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Having just finished the Camino de Santiago in June, I thought it would be useful to put down some general pointers for anyone who’s interested in walking this ancient pilgrims’ route themselves.

Our Compostellas. Written in Latin and where possible, carrying a latinized version of your name.

As a quick introduction, I walked the Camino in two parts. The first half, from Pamplona to Leon in 2004, and the second half a month ago from Leon to Santiago. In those eight years the interest in the Camino has increased enormously, with many websites, guidebooks and even a Hollywood movie (The Way), jumping on the bandwagon. As a sign of how mainstream it has become: My local outdoor store in Dublin had a special section of their floor devoted exclusively to the Camino.

As is to be expected, the number of people walking the route has increased dramatically as well, more than doubling over the last decade. This has caused especially the Camino Frances to become more crowded, but on the upside has also led to a wider variety of accommodation and other pilgrim facilities to be built.

So if you’re planning to go as well, here are some things to consider before setting out.

1. Which Route

Even though everyone speaks of the Camino as if it were one fixed route with a specific beginning and series of waypoints, there are in fact many ways to get to Santiago. Pilgrims in the Middle Ages would start on their doorsteps and walk towards Spain, meeting up with other pilgrims in the cities and towns of medieval Europe, such as Paris or Le Puy-en-Velay. Several routes became more or less standardized along the way.

A map showing the different routes through Spain and Portugal. You can of course start even earlier. Routes through France are quite popular.

The most common one that takes you through Spain today is the Camino Frances which usually begins in Saint-Jean-Pied-de-Port on the French side of the Pyrenees, and passes through Pamplona, Burgos and Leon. Another route hugs the Atlantic coast and is known as the Camino del Norte. Additionally there are routes coming from Madrid, Portugal and even a short one from the coast where travellers from Ireland and England would have landed.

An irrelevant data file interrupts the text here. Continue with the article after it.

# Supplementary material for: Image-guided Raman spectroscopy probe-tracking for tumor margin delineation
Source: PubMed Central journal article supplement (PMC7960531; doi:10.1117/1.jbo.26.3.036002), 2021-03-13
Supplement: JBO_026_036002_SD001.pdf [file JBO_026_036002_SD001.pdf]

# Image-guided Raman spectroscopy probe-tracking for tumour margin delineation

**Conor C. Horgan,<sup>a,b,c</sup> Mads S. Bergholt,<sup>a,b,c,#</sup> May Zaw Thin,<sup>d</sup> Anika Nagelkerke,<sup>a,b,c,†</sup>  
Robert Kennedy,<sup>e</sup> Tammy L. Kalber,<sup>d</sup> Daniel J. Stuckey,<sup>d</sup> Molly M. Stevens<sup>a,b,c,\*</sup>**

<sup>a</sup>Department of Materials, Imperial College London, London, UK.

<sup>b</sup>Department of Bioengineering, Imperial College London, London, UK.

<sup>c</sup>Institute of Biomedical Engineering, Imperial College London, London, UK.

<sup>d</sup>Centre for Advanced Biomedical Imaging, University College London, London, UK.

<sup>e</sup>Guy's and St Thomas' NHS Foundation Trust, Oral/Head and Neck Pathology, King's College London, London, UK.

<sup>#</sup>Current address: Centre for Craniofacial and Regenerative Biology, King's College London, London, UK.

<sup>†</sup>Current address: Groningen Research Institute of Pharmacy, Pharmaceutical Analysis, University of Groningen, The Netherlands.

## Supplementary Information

So which one should you take? The Camino Frances is the most popular. It passes through many medieval towns and villages and the uptick in pilgrims on this route means there is often a choice of albergues (hostel-like accommodation for pilgrims). They are rarely more than 10 kilometres apart. The downside is the other side of the popularity coin. You will not often walk out of sight of other pilgrims. In our nineteen days on the Camino this year, we had exactly one morning in which we did not pass or were passed by other pilgrims.

If you prefer the quiet, the Camino del Norte may be the way to go. The downside here is that there is less accommodation and the distances between albergues can be larger at times. Also, you won’t get to watch The Way and recognize all the spots that Martin Sheen is passing by.

One last pointer, whichever route you take, have a think on whether you want to start on the French or Spanish side of the Pyrenees. Each year a substantial amount of people wear themselves out on that first tough march across the mountains. It’s not compulsory. In fact, you only have to walk a hundred kilometres to get the coveted Compostella, so there.

2. When to go

Northern Spain is colder than you might think. I discovered this back in May 2004, when it started to snow a little after Burgos. Having packed one sweater and only a rain cape as outer wear, it was decidedly frosty. The lack of hot showers at the time didn’t help either, but that has mostly been remedied these days.

Rain clouds on the Alto de San Roque. The last peak (1,270m) before heading into the final stretch of the Camino in Galicia.

You can actually walk the Camino at any time of the year. Broadly speaking the seasons go like this:

Winter, from November to March. Can get very cold. Expect to have the Camino almost entirely to yourself. Expect to have to hunt around for keys to albergues as many of them will be closed.